The resources that the international community maintains to pour into bolstering Somalia’s corrupt administration continues to have the exact opposite effect and thus, the analogy of the continuation of the perpetual filling of the bottomless barrel at the mental health institution in Berbera that I started this article with.
If anything, the international community’s ineptitude emboldened Villa Somalia to drive the country deeper into a quagmire. It also bolstered the arrogance of the Mogadishu administration. For instance, Somalia’s international partners expressed outrage over the circumstances that surrounded the recent removal of Prime Minister Hassan Ali Khaire from office but stopped short of imposing any kind of sanctions.
The E.U. vice president Joseph Borrel said that the vote did not adhere to parliamentary rules. In a statement he contended that “regrettably, the developments in the House of the People of Somalia represent a setback for Somalia and the confidence of the European Union in the progress of Somalia.”
Similarly, the United States asserted that “the U.S. Embassy regrets the actions of the President and Lower House of Parliament to withdraw confidence in Prime Minister Ali Hassan Khayre and his government, which heightened political tensions and undermined the ongoing process of dialogue and negotiation between the Federal Government of Somalia, Federal Member States, and other key stakeholders.”
Essentially, both the E.U. and U.S. affirmed that “the procedures under which a motion of no confidence in the cabinet was passed did not meet minimal constitutional requirements.”
On their part, however, senior Somali officials including the acting prime minister, Mahdi Mohammed Gulaid, insisted that the international community must respect Somalia’s sovereignty. Similarly, The Minister of Information, Mohamed Abdi Hayir “Maareye” said that the international community should behave more diplomatically. He added “we welcome the support of the international community, but they must protect the country’s sovereignty and the decisions of the constitutional institutions.”
This is a blatant expression by some at the highest echelons of the Mogadishu administration that they are intent on continuing their corrupt practices; persist to undermine the country’s provisional constitution and institutions; and engage the unethical members of the so-called House of the People whose votes on important matters are traded like stock market shares.
A stark contrast to the Somalia situation is a nation called Somaliland that lies to the north which gained its independence from Britain but entered a hasty, but voluntary and nonbinding union with Somalia, which was then a territory that is under Italian Trusteeship. The nationalistic atmosphere that prevailed in British Somaliland, the Pan African movement and the enthusiasm that abounded the continent in the year of African independence (1960), coupled with the lofty ideal of laying a foundation for Greater Somalia convinced the people of the British Protectorate to support the unification that happened between the two territories sixty years ago. Unfortunately, the people of Somaliland watched and lived through the horrific legacies of the failed union that have had such a destructive impact on the people of Somaliland.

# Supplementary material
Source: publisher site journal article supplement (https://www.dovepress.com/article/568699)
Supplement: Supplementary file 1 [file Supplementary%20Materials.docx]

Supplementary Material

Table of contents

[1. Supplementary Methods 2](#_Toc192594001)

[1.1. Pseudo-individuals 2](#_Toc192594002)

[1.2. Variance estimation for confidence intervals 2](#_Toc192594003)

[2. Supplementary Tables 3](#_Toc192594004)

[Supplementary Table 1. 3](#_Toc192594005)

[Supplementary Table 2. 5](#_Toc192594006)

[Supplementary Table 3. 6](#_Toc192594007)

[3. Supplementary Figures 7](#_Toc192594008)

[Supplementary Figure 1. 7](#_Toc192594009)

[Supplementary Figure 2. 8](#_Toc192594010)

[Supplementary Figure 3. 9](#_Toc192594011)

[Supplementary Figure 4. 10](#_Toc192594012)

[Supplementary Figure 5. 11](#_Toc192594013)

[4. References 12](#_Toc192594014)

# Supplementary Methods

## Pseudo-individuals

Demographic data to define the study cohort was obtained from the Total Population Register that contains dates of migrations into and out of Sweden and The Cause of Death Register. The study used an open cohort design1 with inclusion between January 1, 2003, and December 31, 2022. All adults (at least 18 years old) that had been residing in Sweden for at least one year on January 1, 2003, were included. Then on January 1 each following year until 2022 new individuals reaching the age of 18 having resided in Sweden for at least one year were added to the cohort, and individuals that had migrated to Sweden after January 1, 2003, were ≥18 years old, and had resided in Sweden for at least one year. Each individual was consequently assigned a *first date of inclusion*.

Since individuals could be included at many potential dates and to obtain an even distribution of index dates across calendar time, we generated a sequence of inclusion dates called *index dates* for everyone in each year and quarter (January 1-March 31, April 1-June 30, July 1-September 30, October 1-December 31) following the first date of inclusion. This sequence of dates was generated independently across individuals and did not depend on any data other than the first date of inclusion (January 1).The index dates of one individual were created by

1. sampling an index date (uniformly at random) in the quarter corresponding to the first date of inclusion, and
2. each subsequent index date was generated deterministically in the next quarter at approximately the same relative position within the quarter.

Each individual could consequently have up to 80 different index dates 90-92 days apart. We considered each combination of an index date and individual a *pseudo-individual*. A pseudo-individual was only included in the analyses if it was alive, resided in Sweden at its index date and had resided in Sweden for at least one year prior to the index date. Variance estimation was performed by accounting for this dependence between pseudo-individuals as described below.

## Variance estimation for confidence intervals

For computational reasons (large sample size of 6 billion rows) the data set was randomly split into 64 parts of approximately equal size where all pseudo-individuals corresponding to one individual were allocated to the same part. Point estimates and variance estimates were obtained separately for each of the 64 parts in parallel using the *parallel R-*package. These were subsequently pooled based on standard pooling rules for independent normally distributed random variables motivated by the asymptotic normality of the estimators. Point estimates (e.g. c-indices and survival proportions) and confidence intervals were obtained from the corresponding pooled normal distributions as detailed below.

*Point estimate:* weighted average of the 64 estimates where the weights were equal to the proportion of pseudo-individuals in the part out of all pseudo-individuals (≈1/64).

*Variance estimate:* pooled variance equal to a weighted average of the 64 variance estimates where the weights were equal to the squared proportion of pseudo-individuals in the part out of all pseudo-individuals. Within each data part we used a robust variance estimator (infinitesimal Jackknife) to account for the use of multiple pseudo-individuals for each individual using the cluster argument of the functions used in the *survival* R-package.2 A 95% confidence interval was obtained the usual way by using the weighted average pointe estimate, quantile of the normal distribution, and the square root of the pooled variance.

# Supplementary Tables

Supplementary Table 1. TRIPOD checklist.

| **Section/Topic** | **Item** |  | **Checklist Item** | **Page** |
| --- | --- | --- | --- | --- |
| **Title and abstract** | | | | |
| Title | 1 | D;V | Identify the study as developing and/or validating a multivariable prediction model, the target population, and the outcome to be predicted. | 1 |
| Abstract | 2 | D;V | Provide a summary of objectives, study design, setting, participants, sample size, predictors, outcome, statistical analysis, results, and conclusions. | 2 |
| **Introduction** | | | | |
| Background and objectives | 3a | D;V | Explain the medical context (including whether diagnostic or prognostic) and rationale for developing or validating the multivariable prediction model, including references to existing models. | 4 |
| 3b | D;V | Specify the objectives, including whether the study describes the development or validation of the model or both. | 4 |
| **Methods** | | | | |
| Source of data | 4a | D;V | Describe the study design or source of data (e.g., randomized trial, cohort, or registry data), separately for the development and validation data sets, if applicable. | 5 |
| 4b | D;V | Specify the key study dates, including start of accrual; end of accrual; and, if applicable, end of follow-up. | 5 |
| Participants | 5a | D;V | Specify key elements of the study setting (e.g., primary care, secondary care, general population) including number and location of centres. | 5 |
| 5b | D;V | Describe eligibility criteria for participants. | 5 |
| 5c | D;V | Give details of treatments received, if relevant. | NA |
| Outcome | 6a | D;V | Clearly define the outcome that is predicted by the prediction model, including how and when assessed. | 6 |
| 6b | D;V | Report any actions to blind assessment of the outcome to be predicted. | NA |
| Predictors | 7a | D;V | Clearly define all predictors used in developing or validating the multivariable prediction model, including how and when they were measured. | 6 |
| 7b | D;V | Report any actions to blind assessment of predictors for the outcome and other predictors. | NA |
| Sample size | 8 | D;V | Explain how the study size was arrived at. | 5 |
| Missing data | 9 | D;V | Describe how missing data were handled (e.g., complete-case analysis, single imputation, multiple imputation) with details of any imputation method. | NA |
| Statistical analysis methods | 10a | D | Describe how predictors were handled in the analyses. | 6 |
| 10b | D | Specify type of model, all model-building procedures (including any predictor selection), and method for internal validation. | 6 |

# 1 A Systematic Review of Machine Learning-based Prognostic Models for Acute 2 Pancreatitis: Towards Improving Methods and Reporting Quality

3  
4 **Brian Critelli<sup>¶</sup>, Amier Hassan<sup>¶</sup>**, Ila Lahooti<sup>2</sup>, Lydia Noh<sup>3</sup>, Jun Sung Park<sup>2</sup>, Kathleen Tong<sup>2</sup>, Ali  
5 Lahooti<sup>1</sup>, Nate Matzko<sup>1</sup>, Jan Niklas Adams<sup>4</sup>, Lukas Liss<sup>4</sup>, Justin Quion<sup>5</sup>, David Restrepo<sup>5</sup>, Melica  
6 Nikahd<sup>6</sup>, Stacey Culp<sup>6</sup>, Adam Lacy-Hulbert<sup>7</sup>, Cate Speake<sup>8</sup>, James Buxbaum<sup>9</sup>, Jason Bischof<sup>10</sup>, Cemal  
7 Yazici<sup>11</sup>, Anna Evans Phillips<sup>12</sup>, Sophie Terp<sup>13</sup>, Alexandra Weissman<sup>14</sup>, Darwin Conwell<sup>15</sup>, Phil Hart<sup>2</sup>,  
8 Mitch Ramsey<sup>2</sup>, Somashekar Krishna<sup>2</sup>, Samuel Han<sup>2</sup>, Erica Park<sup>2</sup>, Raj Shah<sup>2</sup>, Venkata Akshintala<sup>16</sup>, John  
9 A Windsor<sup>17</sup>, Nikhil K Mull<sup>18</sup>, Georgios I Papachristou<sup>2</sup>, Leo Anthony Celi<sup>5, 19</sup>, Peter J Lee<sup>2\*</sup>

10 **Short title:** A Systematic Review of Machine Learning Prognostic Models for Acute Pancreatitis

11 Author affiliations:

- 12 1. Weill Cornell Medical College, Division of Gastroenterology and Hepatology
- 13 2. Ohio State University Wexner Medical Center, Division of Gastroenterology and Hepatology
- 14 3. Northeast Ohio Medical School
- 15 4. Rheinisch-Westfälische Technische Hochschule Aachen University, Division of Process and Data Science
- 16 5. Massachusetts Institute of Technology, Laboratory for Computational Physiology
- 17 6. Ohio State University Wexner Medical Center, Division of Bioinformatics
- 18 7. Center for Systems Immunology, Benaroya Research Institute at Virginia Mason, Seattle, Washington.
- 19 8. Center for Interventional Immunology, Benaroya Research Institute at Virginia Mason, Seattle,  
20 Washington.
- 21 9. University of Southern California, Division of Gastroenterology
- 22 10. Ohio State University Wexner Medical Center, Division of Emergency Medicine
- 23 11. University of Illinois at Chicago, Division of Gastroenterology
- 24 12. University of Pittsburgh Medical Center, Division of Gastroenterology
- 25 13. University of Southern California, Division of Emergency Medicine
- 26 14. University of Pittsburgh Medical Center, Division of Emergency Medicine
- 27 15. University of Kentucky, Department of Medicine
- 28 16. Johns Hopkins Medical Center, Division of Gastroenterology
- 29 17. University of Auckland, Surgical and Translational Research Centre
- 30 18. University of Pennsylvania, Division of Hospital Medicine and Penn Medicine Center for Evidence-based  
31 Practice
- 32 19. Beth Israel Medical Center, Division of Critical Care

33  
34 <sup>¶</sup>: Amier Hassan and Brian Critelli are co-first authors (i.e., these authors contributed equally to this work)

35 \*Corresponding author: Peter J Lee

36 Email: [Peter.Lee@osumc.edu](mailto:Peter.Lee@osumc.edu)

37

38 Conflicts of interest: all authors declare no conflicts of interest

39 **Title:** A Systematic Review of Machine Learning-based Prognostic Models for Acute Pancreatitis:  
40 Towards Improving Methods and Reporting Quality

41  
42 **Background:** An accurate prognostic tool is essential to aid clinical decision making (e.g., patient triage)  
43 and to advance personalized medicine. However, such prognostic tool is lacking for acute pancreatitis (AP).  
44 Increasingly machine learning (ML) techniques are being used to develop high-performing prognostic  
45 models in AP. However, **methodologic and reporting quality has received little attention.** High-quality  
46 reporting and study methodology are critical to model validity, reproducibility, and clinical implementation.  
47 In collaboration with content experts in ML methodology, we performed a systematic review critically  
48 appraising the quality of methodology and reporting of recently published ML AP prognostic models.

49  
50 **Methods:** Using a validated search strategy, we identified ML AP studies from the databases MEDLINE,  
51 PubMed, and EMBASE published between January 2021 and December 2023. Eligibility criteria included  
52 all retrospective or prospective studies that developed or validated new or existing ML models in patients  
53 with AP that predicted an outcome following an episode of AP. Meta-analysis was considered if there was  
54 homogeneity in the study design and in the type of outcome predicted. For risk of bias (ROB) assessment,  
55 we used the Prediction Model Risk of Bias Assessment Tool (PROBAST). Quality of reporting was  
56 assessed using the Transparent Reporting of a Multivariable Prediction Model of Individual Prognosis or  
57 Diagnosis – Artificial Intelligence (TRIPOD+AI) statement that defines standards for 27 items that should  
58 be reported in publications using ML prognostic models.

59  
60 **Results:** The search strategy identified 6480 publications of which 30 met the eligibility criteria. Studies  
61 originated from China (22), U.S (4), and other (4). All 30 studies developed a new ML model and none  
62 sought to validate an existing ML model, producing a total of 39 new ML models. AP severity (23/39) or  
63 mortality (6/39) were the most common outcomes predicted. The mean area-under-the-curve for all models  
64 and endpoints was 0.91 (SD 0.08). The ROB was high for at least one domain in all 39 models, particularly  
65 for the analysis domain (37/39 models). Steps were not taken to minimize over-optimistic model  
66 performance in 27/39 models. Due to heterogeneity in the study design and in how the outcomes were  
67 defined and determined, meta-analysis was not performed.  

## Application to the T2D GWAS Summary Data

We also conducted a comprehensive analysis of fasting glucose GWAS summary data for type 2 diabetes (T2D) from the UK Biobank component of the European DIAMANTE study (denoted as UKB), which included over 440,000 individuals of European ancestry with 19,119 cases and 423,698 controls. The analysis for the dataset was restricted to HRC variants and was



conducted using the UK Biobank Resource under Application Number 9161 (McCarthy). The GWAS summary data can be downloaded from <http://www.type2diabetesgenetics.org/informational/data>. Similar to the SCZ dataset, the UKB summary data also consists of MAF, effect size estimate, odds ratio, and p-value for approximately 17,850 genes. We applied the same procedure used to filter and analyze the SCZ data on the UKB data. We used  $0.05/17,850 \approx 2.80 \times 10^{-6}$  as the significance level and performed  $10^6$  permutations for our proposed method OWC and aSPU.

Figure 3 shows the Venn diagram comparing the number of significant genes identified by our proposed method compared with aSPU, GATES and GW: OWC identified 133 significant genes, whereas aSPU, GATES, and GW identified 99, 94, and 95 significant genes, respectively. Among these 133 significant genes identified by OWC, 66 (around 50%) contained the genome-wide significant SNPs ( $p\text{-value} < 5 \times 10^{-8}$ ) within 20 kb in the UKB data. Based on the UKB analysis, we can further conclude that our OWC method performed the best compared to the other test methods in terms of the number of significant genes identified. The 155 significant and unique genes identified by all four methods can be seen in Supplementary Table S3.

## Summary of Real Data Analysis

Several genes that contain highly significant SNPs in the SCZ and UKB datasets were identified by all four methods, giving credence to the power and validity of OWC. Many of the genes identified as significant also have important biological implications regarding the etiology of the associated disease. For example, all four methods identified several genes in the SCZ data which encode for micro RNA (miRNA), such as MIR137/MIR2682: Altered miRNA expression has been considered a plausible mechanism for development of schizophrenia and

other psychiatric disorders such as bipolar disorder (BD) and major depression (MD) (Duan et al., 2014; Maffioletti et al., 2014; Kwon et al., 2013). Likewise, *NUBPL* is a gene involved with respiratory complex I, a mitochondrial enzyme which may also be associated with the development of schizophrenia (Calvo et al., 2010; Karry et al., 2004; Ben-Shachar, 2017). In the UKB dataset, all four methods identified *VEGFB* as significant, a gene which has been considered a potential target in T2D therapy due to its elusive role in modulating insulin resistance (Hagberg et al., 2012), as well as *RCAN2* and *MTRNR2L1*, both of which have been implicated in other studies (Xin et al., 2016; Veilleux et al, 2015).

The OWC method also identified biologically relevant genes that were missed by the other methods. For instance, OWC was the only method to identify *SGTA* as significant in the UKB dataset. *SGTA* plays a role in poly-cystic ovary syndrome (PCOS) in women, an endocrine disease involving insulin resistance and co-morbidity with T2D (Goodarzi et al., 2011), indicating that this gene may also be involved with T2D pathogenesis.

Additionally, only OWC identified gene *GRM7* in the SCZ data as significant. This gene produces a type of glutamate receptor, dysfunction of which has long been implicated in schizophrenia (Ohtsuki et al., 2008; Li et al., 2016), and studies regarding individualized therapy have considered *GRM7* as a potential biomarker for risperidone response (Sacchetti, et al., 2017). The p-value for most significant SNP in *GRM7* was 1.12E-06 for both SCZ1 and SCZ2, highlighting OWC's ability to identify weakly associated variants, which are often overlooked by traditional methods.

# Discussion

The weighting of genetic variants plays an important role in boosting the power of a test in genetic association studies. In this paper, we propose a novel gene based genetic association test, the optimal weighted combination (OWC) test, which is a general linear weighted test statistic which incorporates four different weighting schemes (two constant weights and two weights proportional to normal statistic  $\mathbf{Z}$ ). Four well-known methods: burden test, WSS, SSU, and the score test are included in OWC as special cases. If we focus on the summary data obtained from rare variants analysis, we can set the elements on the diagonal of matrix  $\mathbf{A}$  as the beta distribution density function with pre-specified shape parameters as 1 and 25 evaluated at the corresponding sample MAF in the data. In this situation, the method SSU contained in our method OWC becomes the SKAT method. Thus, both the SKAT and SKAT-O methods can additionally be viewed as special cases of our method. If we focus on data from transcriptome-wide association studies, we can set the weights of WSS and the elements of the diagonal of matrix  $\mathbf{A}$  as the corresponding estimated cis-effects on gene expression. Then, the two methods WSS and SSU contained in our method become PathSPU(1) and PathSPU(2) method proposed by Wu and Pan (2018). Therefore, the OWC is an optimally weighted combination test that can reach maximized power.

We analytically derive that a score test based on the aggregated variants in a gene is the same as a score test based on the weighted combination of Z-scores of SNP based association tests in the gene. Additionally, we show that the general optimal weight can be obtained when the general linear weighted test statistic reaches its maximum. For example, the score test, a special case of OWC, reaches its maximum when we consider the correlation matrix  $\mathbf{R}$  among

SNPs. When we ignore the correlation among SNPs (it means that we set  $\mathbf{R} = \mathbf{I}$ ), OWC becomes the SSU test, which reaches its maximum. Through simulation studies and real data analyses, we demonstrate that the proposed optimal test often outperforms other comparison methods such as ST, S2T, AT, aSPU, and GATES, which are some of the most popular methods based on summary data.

Somaliland reclaimed its sovereignty and broke away from Somalia in May 1991. It charted its own course and, in the process, avoided much of the conflict experienced by Somalia. It established an independent government which utilized a hybrid type of governance that is unique in the region and fulfilled the requirements for statehood as laid out in the 1993 Montevideo Convention on the Rights and Duties of States.
Michael Horton, a foreign policy analyst who has written for numerous prominent publications, penned a very interesting article entitled, “Somaliland Breaks Ranks and Defies China”, that was published in The American Conservative on July 15. He asserted that unlike Somalia, which has received billions of dollars in aid over the last two decades, Somaliland largely relied on its own resources. Mr. Horton added that this has fostered independence and resilience that influence the way Somaliland does everything from conducting foreign policy to successfully combatting terrorism. He pointed that defying China and pursuing a relationship with Taiwan is the latest example of this independence.
“Instead of supporting a country that achieved a high degree of stability in a troubled region, the U.S. continues to spend hundreds of millions of dollars supporting the government of Somalia”, Mr. Horton contended.
Against this backdrop, it is indeed unconscionable that the international community would continue filling a bottomless barrel just like someone who is mentally deranged would perpetually continue with the same kind of exercise.
For Somaliland, however, there appears to be a light at the end of the tunnel. Some in the international community are warming up to the fact that the country’s commitment to freedom, democracy, justice and the rule of law requires the attention that it deserves.
Governments from all over the spectrum have stablished diplomatic relations with Somaliland and exchanged representative offices with the country in recent years. The list includes South Africa, Gambia, Guinea, Ethiopia, Uganda, Djibouti, Kenya and most recently Taiwan. There are also missions from the United Kingdom, the United Nations, Turkey and Denmark.
It is high time that the international community step up to the plate and welcome Somaliland, once again, to the community of nations as an equal partner just as they did when the country gained independence from Britain sixty years ago.
By Mohamed A. Suleiman